The magazine does feel really short as you can go through it in 15 mins. However I do feel there is a good balance of photos and content. With the focus on the big release of the week there is a lack of contents on other areas of the hobby. However this is clearly what they were going for as each issue will target a specific portion of their market i.e. 40K Imperial players for this issue, Fantasy Dwarf players for the previous issue and so on.

Given that I was interested in learning more about Imperial Knights, this magazine was a satisfying read. In particular, I really enjoy the interviews with the original creators: Jervis Johnson and Jes Goodwin and their take on the new Imperial Knights.

The rules section is a bit weak in that it is not functional i.e. you can't play the unit with the rules printed. However the intent is clearly to give potential buyers a glimpse into what the unit can do i.e. Superheavy, D weapon chainsword and Ion Shield. Oh baby.

The last section is a hodgepodge of random stuff which I found a very entertaining read. The Codex Apocrypha gives some wiki like descriptions of in-universe terms relating to the current week release. In this case Adeptus Mechanicus techno babble such as scrap code and Lingua-Technis. A funny take on readers letters in Ask Grombrindal (i.e. the White Dwarf) and my favourite Gaze of the Inquisition where the White Dwarf team speculate about some 40K mysteries including who they think is the "giant of a man clad in baroque power armour" referred to in Trazyn the Infinite background. Adam Troke argues it is the Primarch Vulkan. Man I love all that fluffy shit.


Like a lot of hobbyist I get a bit nostalgic when talking about White Dwarf. However I think the mentality of "everything was better in my day" tends to introduce too much negative bias. With that in mind, here is my verdict from a scale of "Pyrovore" (Buy at Your Own Peril), "Bolter" (Not Great But Not Bad) and "2++" (This Will Blow Your Mind!).


This is a short magazine that wouldn't appeal to everyone. I myself will not be picking this up every week. However if there is a release you are really interested in, a copy of the new weekly White Dwarf is not a bad way to spend your hard earned €3.20.

Saturday, March 1, 2014

Master Builder: Part 3

With the recent release of the 40K 6th Edition Tyranids codex, I decided to return to my long forgotten Nids.

I had painted up approx 1,000 points worth of Nids back at the dawn of 5th Edition. However I never really played it as I was at the time more preoccupied with my other 40k love: my Blood Angels army.

Tyranids, IMHO, has one of the best model ranges in the entire game. No other army has such consistency in the quality of miniatures available. This is partly due to the fact that the majority of the kits are relatively recent additions to the range and benefits from a unified design philosophy (which also makes sense fluff-wise).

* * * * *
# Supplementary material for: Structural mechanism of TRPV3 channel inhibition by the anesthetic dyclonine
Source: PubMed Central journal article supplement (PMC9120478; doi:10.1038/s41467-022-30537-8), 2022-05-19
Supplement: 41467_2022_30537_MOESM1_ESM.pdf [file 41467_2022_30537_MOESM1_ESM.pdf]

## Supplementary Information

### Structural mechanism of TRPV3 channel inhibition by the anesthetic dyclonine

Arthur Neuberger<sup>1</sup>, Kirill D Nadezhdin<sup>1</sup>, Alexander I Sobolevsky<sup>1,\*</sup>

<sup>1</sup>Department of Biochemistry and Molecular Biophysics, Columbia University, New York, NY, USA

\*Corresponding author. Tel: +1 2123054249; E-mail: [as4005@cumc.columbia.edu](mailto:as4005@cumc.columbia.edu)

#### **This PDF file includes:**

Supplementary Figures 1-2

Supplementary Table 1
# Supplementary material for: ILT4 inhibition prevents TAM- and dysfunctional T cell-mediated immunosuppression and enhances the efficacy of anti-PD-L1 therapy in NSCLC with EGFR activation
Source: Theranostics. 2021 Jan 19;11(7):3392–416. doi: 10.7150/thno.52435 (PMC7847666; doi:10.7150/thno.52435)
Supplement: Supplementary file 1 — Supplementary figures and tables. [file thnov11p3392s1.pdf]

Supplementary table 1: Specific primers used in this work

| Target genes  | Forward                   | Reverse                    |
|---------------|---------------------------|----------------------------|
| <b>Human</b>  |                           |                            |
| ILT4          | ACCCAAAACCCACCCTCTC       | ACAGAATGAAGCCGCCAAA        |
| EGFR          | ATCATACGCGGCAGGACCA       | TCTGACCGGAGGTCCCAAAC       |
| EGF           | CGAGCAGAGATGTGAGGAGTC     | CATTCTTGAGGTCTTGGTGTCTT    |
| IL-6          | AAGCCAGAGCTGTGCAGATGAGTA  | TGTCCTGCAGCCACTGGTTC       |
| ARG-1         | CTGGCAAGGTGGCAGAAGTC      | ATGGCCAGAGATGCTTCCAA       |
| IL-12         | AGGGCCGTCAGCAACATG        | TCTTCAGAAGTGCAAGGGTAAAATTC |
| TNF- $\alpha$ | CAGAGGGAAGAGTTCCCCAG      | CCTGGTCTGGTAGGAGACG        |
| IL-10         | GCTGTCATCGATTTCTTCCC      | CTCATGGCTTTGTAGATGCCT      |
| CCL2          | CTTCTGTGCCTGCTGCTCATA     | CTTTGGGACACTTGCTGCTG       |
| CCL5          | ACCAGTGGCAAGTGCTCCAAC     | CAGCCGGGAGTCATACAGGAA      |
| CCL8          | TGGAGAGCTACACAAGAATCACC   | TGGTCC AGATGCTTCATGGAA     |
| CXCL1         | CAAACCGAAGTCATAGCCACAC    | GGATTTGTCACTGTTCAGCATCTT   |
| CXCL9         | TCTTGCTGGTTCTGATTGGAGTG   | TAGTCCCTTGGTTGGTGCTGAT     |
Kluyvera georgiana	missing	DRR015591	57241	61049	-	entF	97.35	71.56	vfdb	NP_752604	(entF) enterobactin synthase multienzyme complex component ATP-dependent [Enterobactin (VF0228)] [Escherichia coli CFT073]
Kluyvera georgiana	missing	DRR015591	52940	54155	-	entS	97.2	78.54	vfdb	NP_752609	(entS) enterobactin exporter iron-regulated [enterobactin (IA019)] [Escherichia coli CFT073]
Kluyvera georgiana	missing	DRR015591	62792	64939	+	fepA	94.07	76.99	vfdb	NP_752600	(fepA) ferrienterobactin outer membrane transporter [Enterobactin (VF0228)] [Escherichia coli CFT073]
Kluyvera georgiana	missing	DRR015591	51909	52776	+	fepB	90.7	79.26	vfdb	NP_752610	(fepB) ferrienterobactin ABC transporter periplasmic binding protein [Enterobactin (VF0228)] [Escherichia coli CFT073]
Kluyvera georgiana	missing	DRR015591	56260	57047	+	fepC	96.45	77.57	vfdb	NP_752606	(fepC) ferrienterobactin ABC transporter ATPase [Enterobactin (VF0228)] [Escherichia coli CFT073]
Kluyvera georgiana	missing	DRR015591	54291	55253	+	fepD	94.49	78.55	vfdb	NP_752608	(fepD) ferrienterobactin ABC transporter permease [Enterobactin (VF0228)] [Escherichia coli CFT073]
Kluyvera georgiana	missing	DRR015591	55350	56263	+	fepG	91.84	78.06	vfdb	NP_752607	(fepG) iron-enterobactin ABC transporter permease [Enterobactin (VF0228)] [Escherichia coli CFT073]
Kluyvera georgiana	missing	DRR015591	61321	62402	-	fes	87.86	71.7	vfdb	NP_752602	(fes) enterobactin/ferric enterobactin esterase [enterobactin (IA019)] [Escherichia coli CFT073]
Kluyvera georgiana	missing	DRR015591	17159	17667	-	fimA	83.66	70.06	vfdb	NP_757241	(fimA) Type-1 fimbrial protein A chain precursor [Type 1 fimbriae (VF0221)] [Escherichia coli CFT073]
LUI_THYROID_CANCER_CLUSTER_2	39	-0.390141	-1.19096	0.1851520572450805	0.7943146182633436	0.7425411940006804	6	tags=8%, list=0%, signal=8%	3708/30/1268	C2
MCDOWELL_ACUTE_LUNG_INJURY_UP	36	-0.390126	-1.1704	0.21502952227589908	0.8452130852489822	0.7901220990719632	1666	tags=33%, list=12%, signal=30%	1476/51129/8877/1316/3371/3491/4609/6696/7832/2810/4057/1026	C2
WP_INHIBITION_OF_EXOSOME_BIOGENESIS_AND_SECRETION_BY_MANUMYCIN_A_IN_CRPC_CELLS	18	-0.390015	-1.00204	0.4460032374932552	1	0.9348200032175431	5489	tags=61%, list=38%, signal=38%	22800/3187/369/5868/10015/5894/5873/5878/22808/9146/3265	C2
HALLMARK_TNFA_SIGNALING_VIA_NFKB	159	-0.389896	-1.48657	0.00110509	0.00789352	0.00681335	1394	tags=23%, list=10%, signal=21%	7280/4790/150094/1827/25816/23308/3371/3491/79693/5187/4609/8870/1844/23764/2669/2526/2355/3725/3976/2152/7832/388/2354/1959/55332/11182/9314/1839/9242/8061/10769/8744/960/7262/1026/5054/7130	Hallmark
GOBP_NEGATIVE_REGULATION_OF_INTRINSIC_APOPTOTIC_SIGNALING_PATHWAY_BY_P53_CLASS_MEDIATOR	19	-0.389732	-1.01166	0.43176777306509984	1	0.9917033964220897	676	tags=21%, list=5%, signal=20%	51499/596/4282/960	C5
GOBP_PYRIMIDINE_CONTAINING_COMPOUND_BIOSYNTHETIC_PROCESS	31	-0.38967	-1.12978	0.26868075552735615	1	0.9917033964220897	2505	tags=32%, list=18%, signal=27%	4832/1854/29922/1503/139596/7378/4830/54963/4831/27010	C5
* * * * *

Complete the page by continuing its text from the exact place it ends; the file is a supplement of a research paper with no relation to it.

Now with regards to the rules, I disagree wholeheartedly with what the internet says as I think it is decent and very fluffy. I am of course not blind to some of the more derpy rules (i.e. Pyrovores, Trygon tunnels, Rippers etc.). This is where I think the rules fall down a little as nothing jumps out as being super exciting unlike some of the unique army rules available to Tau and Eldar i.e. Supporting Fire and Battle Focus respectively. Personally, I think the main reason Tyranids can't compete with the more powerful armies is almost entirely due to having no access to allies. This means it can't play Deathstar 40k which seems to be the only way to play competitive 40k in 6th Ed. Hence, my main aim of revisiting my Nids is to paint up some new bad ass models (Exocrine/Haruspex I'm looking at you) and use them more to tell a story while throwing dice around (forge a narrative anyone?).

40K: The Great Devourer Returns

First thing on my to do list was to dig out some of my old purchases and get them to the 'Prepped for Painting' stage on my Kanban board.

I assembled my metal Death Leaper and Venomthrope. In the case of the former I pinned his scything talons and for the latter I pinned its arms/tentacles as they looked pretty flimsy.

Death Leaper parts

Death Leaper assembled

Venomthrope assembled
Given my ultimate plan of using a Tervigon, I knew I needed a boat load of Termagants. As such I opened up the Tyranids' Batteforce that I bought a while back and assembled the first 8 Termagants. I forgot how long it took to assemble these guys and I plan to have at least 80. Yikes!

Nids Batttleforce still in its shrink wrap!

Yummy plastic crack
GW has come a long way in its plastic kits. Look at all those empty spaces!

 Termagants parts half assembled

8 Termagants ready to be painted
 Given that I already have approx 1,000 points worth of Nids , I will also be 'refurbishing' these minis which will mainly involve repainting all the bases from old school goblin green to a more modern earthy brown, magnetising all the arms of the existing Carnifex and varnishing the army's current paint job (which I'm still happy with).

So much to do but so little time!